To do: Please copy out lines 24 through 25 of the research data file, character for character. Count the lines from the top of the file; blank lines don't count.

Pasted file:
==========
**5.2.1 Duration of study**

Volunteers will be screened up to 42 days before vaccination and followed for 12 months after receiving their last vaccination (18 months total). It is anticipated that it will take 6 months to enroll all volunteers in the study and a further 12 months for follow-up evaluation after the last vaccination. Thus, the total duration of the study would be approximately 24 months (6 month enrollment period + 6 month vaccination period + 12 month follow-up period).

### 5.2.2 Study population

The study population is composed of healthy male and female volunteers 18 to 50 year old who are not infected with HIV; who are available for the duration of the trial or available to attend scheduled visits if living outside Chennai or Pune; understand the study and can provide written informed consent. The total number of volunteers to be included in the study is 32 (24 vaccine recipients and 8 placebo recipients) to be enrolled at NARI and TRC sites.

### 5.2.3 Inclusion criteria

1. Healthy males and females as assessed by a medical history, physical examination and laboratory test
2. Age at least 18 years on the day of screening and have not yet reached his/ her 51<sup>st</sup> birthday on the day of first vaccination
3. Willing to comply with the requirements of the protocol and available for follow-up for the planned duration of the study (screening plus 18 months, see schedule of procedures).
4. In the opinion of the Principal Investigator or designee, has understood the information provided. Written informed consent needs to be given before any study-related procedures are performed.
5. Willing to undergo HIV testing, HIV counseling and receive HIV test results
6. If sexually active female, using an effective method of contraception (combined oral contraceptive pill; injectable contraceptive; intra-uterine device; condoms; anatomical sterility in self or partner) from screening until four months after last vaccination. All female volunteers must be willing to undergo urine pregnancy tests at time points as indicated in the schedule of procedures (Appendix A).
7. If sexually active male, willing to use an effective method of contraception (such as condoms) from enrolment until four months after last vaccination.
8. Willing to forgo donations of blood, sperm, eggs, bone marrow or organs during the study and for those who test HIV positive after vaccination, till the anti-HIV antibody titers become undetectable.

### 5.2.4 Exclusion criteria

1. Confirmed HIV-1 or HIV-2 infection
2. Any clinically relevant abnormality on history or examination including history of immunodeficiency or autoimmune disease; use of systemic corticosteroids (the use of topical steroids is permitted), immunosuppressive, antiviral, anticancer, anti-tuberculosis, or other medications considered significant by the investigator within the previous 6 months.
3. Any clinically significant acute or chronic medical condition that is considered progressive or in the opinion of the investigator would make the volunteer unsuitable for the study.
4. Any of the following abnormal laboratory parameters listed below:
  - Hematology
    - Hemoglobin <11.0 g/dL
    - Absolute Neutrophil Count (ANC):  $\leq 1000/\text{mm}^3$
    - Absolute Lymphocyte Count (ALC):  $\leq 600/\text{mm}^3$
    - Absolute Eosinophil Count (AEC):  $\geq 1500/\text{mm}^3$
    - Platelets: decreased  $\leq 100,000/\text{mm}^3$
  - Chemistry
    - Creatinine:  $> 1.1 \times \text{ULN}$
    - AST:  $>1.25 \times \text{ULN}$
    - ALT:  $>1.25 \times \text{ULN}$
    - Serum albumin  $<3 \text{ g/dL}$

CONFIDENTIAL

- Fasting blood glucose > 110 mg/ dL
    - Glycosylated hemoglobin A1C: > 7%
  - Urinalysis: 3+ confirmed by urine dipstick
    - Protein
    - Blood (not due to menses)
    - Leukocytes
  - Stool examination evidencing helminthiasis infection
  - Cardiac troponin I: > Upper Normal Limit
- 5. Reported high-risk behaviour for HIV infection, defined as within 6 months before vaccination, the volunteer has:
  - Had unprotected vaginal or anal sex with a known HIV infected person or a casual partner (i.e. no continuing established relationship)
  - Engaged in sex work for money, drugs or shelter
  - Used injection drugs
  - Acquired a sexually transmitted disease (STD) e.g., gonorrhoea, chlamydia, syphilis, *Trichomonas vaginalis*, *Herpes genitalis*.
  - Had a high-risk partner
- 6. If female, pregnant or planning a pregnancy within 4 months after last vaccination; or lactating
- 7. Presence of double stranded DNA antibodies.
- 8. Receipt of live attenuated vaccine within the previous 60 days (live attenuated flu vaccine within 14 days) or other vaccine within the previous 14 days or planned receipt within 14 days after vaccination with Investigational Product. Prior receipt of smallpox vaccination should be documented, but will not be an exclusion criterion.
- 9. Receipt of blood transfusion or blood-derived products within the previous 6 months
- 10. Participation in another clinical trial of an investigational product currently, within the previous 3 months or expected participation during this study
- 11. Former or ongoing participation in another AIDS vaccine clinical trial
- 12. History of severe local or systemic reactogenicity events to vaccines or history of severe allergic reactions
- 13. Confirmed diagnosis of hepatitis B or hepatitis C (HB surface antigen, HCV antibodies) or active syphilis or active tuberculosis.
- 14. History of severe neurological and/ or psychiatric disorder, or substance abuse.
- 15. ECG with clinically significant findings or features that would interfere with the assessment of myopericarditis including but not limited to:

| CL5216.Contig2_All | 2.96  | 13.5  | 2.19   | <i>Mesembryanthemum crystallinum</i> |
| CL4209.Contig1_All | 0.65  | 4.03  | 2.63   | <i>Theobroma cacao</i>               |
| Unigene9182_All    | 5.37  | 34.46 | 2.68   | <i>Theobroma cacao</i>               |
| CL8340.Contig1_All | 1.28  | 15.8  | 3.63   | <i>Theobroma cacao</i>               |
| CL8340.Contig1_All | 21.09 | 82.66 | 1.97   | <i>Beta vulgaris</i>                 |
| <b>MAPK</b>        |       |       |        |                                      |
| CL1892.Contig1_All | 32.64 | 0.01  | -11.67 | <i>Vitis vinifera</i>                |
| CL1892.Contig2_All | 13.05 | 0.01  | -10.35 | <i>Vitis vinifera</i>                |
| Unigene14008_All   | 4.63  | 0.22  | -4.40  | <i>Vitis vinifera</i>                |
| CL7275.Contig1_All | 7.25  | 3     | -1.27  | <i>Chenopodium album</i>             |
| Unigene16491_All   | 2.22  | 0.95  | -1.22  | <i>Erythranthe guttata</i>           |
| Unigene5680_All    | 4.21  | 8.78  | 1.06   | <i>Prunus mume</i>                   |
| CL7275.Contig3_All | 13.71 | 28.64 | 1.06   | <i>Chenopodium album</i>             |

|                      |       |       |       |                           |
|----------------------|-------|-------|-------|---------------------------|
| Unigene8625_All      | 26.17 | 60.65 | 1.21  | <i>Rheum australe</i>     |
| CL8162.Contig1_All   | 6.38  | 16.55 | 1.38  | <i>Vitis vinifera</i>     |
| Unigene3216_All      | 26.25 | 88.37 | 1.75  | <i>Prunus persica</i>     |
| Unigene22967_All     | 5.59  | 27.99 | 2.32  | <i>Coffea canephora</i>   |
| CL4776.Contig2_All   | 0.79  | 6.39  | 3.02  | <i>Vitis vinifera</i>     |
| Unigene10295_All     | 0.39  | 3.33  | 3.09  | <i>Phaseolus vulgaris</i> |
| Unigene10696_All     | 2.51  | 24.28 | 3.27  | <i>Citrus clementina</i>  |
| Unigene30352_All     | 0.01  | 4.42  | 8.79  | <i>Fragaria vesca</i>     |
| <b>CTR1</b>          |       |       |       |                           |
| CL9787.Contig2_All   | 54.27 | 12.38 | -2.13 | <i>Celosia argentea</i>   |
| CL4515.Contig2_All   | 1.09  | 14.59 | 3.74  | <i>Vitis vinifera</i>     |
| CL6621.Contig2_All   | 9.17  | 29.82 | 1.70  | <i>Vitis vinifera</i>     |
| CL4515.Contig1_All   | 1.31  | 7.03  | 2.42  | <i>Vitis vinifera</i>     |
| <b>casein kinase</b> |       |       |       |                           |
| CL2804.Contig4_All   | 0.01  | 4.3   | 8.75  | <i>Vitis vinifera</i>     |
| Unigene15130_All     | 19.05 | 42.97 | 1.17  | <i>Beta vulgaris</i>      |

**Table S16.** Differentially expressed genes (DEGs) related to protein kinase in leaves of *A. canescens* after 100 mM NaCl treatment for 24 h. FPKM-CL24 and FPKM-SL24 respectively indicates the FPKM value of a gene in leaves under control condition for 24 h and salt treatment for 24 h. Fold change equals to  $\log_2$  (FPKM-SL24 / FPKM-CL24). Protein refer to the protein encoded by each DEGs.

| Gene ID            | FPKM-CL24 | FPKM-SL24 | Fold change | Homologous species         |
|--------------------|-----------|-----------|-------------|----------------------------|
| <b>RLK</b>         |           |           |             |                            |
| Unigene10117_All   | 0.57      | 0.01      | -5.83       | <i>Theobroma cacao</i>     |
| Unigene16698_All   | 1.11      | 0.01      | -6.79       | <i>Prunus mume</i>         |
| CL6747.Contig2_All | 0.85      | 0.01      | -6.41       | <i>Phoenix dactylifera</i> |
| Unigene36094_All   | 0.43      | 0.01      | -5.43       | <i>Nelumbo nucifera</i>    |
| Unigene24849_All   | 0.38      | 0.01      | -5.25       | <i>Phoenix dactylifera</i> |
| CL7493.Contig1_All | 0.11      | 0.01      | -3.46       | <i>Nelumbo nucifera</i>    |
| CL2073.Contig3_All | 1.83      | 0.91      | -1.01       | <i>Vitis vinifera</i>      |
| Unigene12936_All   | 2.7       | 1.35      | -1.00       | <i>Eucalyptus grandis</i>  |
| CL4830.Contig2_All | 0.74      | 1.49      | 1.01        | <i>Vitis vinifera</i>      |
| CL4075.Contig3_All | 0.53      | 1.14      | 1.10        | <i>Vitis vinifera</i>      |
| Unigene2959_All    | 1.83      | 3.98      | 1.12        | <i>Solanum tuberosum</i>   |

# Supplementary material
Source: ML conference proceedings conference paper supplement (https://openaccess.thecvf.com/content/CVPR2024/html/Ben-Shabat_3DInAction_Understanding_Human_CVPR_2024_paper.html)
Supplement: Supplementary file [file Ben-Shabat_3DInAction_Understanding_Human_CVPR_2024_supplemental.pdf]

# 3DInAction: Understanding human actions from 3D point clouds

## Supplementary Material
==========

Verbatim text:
    - Platelets: decreased  $\leq 100,000/\text{mm}^3$
  - Chemistry